Critical Analysis of Oliver Sacks’ Uncle Tungsten

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In Oliver Sack’ autobiography Uncle Tungsten, we learn about a unique and curious young boy whose childhood and upbringing seem to be shaped by science and numbers. Through the influence of his family, especially his uncle, Oliver’s passion for science blossoms into something much more than a hobby, but rather an outlet where he finds meaning and purpose during some of the most challenging times of his childhood. Although devoting the majority of his childhood to working with his uncle and conducting his own experiments, Oliver’s love for chemistry began to fade as he grew older. Despite his eventual loss of interest, chemistry nevertheless served as the core of Oliver’s being which invaded every aspect of his life.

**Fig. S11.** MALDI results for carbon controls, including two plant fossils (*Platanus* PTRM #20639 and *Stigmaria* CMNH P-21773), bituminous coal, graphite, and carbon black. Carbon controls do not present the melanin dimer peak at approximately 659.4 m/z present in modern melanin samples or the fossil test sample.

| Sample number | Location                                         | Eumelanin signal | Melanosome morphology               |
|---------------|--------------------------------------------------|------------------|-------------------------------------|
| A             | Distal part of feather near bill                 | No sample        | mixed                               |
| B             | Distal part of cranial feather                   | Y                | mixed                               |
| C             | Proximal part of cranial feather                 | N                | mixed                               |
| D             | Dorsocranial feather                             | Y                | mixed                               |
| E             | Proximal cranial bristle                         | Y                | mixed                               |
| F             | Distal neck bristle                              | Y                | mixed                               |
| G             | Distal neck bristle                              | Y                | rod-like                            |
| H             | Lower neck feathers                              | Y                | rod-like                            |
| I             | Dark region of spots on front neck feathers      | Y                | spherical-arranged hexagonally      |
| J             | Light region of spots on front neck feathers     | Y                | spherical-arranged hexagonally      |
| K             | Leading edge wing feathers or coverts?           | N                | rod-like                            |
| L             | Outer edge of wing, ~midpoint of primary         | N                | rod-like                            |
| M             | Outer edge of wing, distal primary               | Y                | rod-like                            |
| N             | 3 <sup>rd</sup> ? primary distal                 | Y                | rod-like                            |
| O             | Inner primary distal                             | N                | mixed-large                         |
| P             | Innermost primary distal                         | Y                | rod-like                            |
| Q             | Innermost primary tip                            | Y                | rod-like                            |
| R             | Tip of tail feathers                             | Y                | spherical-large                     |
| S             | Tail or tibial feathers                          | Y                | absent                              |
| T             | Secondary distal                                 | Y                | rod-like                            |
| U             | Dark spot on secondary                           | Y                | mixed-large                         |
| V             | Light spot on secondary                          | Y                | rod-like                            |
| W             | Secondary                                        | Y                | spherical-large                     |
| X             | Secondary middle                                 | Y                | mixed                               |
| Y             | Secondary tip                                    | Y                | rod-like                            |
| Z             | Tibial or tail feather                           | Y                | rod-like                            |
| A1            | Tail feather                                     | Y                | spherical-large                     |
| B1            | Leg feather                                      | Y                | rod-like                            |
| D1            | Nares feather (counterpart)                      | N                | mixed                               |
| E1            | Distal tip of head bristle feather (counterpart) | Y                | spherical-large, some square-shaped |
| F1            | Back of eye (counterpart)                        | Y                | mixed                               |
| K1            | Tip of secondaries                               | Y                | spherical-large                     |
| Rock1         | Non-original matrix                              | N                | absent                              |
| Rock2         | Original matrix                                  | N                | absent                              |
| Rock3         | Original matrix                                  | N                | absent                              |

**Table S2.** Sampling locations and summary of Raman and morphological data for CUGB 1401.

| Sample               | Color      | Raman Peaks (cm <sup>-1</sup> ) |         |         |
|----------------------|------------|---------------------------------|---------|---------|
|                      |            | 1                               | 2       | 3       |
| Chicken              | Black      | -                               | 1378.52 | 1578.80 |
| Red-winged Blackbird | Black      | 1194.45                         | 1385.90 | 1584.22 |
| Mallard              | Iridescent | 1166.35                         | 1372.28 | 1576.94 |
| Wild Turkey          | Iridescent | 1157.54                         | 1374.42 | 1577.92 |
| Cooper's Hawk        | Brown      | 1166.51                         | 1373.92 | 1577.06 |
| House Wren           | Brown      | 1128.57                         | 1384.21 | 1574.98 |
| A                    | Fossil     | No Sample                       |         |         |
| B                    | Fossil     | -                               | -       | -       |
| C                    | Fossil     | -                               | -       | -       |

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From the beginning of the novel, the reader learns about Oliver’s scientific background from his specific interest in metals and curiosity of the world around him. Oliver’s interest in science is no surprise after the reader learns that his parents are doctors, his aunt is a botanist, and his uncle is a physicist. Science, mathematics, and academia in general are obviously a passion that has been shared amongst Oliver’s entire family. Oliver also specifically focuses on his grandfather, who seemed to initiate the passion for the sciences in Oliver’s family. Oliver’s grandfather fled Russia to avoid being drafted into the Cossak army using a fake passport of a deceased man named Marcus Landau. He eventually moved to England where he developed a love for science and became a surgeon. Oliver’s grandfather was also very passionate about the science education of children, perhaps also igniting Oliver’s love for the sciences. Oliver’s Uncle Tungsten is one of the last family members to be introduced in this novel, although he is arguably the most important. Uncle Tungsten, also known as Uncle Dave, manufactures lightbulbs at his own firm called Tungstalite. Uncle Tungsten also has a bit of an obsession with metals and minerals, an interest that will later be handed down to Oliver. Despite the book being named after him, Uncle Tungsten is perhaps the biggest influence on Oliver and his passion for science and lab work. Nevertheless, Oliver’s family played a crucial role in his upbringing as well as developing his love for science.